The Long Impact of a Short Ride on a 1980 Honda CM400E

1980 Honda CM400E Scott A Williams
Your humble scribe and his 1980 Honda CM400E on the same day as that ride with Raymond.

My first motorcycle was a 1980 Honda CM400E. It wasn’t fast, and the brakes were lousy, but it delivered some memorable rides. One ride was notably short, but it made a lasting impact on a special family friend.

Raymond was the younger brother of my father’s close friend and colleague. It was challenging for Raymond to communicate with words, but there was one message he always conveyed with crystal clarity: He loved motorcycles.

I discovered this one afternoon when I arrived at my parents’ house riding my Honda CM400E. Raymond was visiting, and he was mesmerized. I shut off the motor, but he kept the motor noises going: “Vroom! Vroom!” We were happy to see each other, but what mattered to him most in that moment was one simple fact: I had arrived on a motorcycle.

Raymond’s big brother James, who had stopped by to talk shop with my dad, came outside too. He directed Raymond to stand back from the bike because it would be hot. Raymond adjusted his distance but not his gaze, and that grin never left his face.

Discreetly, I asked James if I could take his brother for a ride, explaining what Raymond would need to do on a slow ride through my dad’s quiet neighborhood. Recognizing the impact my motorcycle was having on Raymond and placing his trust in me, James agreed.

“Raymond,” I asked, “do you want to go for a ride on the motorcycle?” He literally jumped at the invitation and looked to his brother for approval. James smiled his okay.

My spare helmet fit Raymond just fine. My dad’s leather jacket fit well enough. As we suited up, I talked with Raymond about what I was going to do – drive the motorcycle – and what he was going to do – sit still on the seat behind me. He understood.

While I sat on the front seat and held the bars steady, James helped Raymond grab my shoulders, slide his leg over the seat, and drop into position behind me. Snugged in between my back and the sissy bar (remember those?), Raymond bounced with anticipation.

“Now listen, buddy,” I said, “you have to sit tight!” Perhaps interpreting my words as a request for him to hold tightly onto me, he wrapped his arms around my skinny midsection and squeezed. Raymond seemed confident with this approach, and he sure was eager to ride.

I started the motor, gave that little Twin some throttle, and turned onto the street for a leisurely ride with no reason to shift out of 2nd gear. It took the better part of five minutes to make a mile loop, and Raymond howled his excitement the whole time.

As we pulled back into the driveway, my mother snapped a photograph that ended up on the refrigerator at Raymond’s house, where it stayed, gradually fading, for decades. James would tell me how Raymond showed the picture to people who came to visit. “Everyone needs to see Raymond on the motorcycle,” he’d say. When I’d bump into a mutual friend elsewhere, conversations often started like this: “Raymond still won’t let me sit down until I go see the picture of him on that motorbike with you!”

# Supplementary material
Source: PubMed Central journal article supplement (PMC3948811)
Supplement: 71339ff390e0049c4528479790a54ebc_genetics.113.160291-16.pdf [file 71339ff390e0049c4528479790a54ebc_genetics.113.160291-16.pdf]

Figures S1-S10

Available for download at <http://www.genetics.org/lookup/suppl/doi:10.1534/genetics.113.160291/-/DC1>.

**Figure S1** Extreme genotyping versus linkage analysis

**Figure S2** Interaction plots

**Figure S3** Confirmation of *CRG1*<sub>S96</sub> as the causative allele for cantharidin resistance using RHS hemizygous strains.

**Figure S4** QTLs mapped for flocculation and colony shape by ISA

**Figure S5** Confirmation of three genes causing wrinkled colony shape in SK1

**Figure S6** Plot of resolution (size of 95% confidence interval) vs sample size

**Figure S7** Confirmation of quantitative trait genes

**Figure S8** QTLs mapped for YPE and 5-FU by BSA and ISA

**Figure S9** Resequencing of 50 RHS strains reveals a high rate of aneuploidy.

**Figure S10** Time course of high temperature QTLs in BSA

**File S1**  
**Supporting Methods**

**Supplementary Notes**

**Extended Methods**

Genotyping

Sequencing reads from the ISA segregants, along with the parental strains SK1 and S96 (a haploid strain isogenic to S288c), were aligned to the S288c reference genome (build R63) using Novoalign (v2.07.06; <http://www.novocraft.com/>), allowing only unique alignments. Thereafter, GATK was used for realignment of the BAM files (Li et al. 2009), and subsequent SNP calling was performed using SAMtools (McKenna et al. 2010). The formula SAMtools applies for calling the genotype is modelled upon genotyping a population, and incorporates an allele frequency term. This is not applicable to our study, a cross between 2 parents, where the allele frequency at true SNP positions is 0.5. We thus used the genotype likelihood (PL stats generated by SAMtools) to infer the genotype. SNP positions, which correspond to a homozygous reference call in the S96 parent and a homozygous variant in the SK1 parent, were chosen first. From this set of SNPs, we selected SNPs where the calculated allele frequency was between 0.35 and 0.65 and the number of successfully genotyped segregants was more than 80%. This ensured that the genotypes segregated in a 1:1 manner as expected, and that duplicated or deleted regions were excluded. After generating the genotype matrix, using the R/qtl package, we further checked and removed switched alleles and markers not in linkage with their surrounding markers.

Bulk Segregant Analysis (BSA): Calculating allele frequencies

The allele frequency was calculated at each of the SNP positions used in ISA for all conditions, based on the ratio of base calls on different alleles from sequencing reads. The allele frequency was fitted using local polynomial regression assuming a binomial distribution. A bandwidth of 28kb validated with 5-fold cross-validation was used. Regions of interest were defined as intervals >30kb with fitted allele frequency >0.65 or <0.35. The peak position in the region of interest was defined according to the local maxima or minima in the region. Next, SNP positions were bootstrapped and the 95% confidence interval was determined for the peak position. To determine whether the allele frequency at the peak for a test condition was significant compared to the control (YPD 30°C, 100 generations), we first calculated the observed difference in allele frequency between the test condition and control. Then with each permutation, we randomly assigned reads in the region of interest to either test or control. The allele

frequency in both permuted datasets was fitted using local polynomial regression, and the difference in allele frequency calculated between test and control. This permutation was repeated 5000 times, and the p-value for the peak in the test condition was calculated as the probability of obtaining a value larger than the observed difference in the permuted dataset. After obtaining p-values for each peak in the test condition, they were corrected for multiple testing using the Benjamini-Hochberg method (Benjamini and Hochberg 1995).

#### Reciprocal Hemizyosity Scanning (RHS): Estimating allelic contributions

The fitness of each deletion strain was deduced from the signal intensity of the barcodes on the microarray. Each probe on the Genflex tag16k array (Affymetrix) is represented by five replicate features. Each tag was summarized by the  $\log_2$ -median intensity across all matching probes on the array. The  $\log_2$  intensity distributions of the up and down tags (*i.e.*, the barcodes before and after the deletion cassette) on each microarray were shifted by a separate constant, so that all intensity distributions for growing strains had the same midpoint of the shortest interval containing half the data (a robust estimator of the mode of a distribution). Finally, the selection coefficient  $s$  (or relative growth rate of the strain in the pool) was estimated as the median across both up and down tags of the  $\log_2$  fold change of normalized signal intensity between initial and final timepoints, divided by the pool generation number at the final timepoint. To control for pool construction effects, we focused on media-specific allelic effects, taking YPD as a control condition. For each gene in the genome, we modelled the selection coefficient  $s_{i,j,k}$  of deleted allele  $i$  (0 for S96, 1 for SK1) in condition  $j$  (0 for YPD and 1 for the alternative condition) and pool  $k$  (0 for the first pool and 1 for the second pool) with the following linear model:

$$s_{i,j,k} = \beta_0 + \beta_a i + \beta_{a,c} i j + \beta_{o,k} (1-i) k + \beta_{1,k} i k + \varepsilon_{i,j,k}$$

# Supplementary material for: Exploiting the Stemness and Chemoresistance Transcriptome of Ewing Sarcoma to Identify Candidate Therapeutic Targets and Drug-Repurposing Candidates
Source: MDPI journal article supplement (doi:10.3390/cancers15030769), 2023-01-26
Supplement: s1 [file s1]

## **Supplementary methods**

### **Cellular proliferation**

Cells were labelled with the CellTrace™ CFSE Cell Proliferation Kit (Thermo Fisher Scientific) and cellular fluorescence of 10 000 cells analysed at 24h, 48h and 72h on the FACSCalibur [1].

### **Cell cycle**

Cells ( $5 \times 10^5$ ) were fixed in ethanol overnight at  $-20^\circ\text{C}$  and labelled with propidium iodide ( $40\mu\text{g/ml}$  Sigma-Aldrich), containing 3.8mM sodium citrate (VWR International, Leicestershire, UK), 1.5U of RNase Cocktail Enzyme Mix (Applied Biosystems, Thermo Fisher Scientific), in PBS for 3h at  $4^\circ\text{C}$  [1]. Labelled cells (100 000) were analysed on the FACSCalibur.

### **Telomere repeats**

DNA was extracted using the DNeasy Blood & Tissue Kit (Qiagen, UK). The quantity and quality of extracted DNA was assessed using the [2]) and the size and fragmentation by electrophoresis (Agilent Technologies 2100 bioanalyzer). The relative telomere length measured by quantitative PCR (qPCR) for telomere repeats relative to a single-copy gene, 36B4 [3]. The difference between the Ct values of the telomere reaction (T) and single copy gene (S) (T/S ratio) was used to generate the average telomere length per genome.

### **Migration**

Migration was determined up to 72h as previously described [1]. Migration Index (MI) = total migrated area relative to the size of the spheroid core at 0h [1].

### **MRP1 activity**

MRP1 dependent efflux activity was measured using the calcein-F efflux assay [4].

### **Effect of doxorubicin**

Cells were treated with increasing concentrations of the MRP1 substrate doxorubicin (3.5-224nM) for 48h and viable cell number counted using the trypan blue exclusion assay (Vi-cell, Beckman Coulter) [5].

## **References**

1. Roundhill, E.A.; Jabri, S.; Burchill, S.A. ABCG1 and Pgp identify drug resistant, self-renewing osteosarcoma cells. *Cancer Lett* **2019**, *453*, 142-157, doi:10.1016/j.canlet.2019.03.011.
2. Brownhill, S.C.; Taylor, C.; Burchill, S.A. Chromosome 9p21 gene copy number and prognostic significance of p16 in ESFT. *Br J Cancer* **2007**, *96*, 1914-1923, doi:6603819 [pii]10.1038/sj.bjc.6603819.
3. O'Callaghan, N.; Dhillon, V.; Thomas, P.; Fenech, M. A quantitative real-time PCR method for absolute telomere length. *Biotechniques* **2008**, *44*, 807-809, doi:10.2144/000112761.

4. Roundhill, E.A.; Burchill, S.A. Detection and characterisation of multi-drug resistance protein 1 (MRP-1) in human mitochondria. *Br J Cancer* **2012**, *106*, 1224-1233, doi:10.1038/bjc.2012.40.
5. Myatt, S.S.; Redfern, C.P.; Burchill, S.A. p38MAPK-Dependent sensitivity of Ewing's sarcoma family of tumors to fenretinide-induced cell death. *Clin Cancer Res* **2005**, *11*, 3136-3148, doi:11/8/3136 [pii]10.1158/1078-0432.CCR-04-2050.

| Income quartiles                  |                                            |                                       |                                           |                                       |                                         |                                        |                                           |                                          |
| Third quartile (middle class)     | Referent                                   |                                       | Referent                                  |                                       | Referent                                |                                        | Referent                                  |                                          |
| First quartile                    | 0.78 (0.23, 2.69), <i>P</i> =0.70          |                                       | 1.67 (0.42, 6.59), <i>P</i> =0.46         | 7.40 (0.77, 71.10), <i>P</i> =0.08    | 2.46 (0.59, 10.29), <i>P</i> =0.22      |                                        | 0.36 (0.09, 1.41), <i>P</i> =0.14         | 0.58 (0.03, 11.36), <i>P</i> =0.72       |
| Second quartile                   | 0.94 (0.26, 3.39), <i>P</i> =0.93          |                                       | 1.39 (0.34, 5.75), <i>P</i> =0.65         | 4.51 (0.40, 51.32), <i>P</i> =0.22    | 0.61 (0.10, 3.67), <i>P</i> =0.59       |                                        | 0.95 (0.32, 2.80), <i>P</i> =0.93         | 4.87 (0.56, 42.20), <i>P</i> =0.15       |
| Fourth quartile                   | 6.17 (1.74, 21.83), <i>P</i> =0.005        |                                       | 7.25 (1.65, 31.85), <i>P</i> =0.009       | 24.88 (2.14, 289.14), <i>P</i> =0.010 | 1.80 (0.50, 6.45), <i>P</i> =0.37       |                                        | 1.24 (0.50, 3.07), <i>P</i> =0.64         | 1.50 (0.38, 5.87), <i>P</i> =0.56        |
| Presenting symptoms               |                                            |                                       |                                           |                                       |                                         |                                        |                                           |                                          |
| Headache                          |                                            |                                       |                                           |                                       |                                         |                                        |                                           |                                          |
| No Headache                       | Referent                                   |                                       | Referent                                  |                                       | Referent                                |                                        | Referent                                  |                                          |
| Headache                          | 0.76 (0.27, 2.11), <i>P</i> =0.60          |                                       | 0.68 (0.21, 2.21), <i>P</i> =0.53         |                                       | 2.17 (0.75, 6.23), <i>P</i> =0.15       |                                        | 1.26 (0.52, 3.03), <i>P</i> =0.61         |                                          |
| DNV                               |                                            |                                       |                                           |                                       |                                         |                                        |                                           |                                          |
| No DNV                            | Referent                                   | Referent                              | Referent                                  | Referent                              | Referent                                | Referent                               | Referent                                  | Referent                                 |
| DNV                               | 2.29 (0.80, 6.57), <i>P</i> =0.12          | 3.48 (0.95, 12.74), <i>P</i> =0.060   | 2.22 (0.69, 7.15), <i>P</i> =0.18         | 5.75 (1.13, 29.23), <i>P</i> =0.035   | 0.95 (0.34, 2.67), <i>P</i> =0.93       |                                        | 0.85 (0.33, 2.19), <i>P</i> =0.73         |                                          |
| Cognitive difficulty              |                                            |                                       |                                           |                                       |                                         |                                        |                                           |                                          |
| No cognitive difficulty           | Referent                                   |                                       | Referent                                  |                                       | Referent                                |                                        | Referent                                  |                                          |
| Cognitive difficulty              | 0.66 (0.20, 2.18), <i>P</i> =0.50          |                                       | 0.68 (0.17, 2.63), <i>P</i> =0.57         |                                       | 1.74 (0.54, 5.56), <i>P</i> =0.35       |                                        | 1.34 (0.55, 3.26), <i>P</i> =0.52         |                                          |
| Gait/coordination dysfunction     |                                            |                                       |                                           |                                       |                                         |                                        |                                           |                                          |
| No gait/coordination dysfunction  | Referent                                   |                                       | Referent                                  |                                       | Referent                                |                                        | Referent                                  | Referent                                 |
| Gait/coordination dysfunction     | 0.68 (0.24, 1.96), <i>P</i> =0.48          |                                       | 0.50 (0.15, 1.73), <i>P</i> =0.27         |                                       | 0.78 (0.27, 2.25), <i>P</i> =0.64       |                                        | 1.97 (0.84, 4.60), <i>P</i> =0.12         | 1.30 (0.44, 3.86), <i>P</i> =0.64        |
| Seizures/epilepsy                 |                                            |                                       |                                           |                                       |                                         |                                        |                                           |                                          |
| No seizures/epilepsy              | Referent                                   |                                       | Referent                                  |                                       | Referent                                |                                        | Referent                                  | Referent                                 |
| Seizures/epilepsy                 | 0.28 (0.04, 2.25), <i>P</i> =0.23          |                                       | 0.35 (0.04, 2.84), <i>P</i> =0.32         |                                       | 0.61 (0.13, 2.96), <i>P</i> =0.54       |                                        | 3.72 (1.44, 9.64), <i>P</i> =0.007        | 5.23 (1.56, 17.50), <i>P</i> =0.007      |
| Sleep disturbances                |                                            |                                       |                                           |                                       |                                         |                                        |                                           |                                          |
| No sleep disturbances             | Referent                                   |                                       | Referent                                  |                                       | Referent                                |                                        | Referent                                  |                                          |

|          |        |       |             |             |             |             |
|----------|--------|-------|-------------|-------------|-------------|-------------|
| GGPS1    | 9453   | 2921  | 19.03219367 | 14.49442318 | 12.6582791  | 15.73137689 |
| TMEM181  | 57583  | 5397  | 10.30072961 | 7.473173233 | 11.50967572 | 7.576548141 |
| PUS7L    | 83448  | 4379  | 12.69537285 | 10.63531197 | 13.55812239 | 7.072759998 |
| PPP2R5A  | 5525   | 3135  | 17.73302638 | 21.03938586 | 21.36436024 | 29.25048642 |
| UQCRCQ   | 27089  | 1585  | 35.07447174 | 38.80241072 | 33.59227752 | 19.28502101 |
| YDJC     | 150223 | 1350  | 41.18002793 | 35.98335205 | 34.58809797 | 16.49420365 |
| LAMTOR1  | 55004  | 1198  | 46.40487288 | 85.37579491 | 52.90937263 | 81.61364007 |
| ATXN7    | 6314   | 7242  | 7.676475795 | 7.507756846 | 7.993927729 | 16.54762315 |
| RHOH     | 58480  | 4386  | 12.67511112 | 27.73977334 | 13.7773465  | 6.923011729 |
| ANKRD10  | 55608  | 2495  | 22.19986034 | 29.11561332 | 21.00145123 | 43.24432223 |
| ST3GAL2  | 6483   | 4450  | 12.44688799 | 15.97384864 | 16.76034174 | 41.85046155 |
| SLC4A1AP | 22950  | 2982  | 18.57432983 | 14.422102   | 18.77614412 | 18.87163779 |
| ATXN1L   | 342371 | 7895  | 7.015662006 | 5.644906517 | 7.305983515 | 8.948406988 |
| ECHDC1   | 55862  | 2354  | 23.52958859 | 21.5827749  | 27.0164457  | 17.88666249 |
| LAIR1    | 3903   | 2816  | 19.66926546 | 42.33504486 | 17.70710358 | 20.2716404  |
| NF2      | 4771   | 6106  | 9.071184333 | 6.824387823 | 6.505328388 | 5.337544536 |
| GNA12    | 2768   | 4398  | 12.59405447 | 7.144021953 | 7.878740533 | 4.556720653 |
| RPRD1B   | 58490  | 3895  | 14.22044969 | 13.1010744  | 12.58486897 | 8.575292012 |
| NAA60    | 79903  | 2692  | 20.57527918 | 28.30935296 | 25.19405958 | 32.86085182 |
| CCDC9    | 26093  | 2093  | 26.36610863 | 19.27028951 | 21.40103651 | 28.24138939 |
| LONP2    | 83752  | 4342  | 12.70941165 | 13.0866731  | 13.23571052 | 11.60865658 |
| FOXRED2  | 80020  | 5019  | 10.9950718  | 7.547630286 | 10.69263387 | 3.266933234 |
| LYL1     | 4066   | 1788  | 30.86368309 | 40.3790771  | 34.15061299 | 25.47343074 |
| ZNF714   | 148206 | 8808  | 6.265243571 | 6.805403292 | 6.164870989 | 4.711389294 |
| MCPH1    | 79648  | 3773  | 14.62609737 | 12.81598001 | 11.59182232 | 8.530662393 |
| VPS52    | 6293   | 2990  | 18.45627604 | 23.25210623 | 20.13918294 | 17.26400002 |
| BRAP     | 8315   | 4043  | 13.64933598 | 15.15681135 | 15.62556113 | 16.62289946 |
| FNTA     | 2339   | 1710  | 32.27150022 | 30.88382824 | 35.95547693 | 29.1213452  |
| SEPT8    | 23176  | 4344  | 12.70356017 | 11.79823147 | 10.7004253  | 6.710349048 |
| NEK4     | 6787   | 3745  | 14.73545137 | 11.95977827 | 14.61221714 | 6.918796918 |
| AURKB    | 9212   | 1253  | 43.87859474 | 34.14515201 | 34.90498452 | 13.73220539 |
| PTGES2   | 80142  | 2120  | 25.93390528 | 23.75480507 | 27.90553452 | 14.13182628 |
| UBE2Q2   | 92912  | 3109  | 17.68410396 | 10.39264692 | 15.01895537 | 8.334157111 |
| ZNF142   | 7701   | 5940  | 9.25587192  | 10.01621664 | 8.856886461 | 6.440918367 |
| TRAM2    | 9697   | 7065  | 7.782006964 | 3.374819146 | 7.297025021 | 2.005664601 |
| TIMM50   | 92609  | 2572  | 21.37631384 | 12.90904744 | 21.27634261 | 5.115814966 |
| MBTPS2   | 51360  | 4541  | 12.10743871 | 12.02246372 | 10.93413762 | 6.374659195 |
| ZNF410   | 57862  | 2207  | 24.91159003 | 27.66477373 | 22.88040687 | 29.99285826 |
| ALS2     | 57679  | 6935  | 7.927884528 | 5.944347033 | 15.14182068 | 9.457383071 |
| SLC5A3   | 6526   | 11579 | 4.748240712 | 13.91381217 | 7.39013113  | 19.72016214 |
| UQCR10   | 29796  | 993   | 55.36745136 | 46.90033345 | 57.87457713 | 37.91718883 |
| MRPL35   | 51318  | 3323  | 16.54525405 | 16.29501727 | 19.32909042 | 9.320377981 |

That photo is now gone, and sadly so is Raymond, but his memory helps me hold onto valuable life lessons I learned from his family over many years. He is burned into my heart, notably because of one joyous ride we shared on my old 400. Here’s to short rides with long impact.

See more stories from Scott A. Williams here.


  1. Damn Mr. Bones. That is a short article that will also leave an impact.

    I got to take my nephew (who I didn’t know existed until 2020) on his first ride this summer while I was visiting. Like your ride, the impact was unquestionable. Whether it was me or him that it had more impact on remains to be seen. I know it was special for me…

  2. The article reminded me of my self. I’m 11 years old and my dad came home with a 1965 Puch motorcycle he had pickup someplace. My mom was dead set against it. But he had taken me for a ride. And the only ride since my mom made hime sell the bike shortly after. The impact was set in my brain. I’ve been riding now for fifty years because of my dads short bike ownership.

  3. This reminds me so much of my little brother Allen, who had Downs Syndrome. I rode mini bikes and grew into motorcycles as a youth. I never even thought of giving Al a ride because I knew he couldn’t do it. Finally in my early 40’s I asked Allen (who was in his 30’s by then) if he would like to take a ride on the back of my Suzuki 1000. He was thrilled and we geared him up for the ride. He tried and tried but every time he got on the back it just overwhelmed him. It was too intimidating. To make a long story short I was offered to ride my the Ural sidecar of my best friend’s recently deceased father. I asked him immediately if I could take Allen for a ride in it. The ride turned into a forty mile loop through the coastal hills and Allen could not have been happier. Eventually I got a Triumph with a sidecar attached and THE BEST thing about is giving children, old folks and disabled people a ride in it. I’ve seen non responsive severely handicapped adults and children scream and laugh with delight riding in it. Thankfully I can also bring their caregivers on the bike’s back seat to make sure all is well. I’m glad you have enjoyed this same experience and I thank you sincerely for sharing your story

  4. Mr. Williams has been my favorite writer since I read his first (of several) articles about the Moonshine Lunch Run. Like so much of his work, this article has broad appeal brcause it is not about bikes, it is about humanity. Thanks, Mr. Williams!

    • Carl, you’re welcome! So much of the joy in motorcycling comes from the thrill of speed and motion, but the human element has always been important to me. And you, it seems. Thanks for your kind words. Bones


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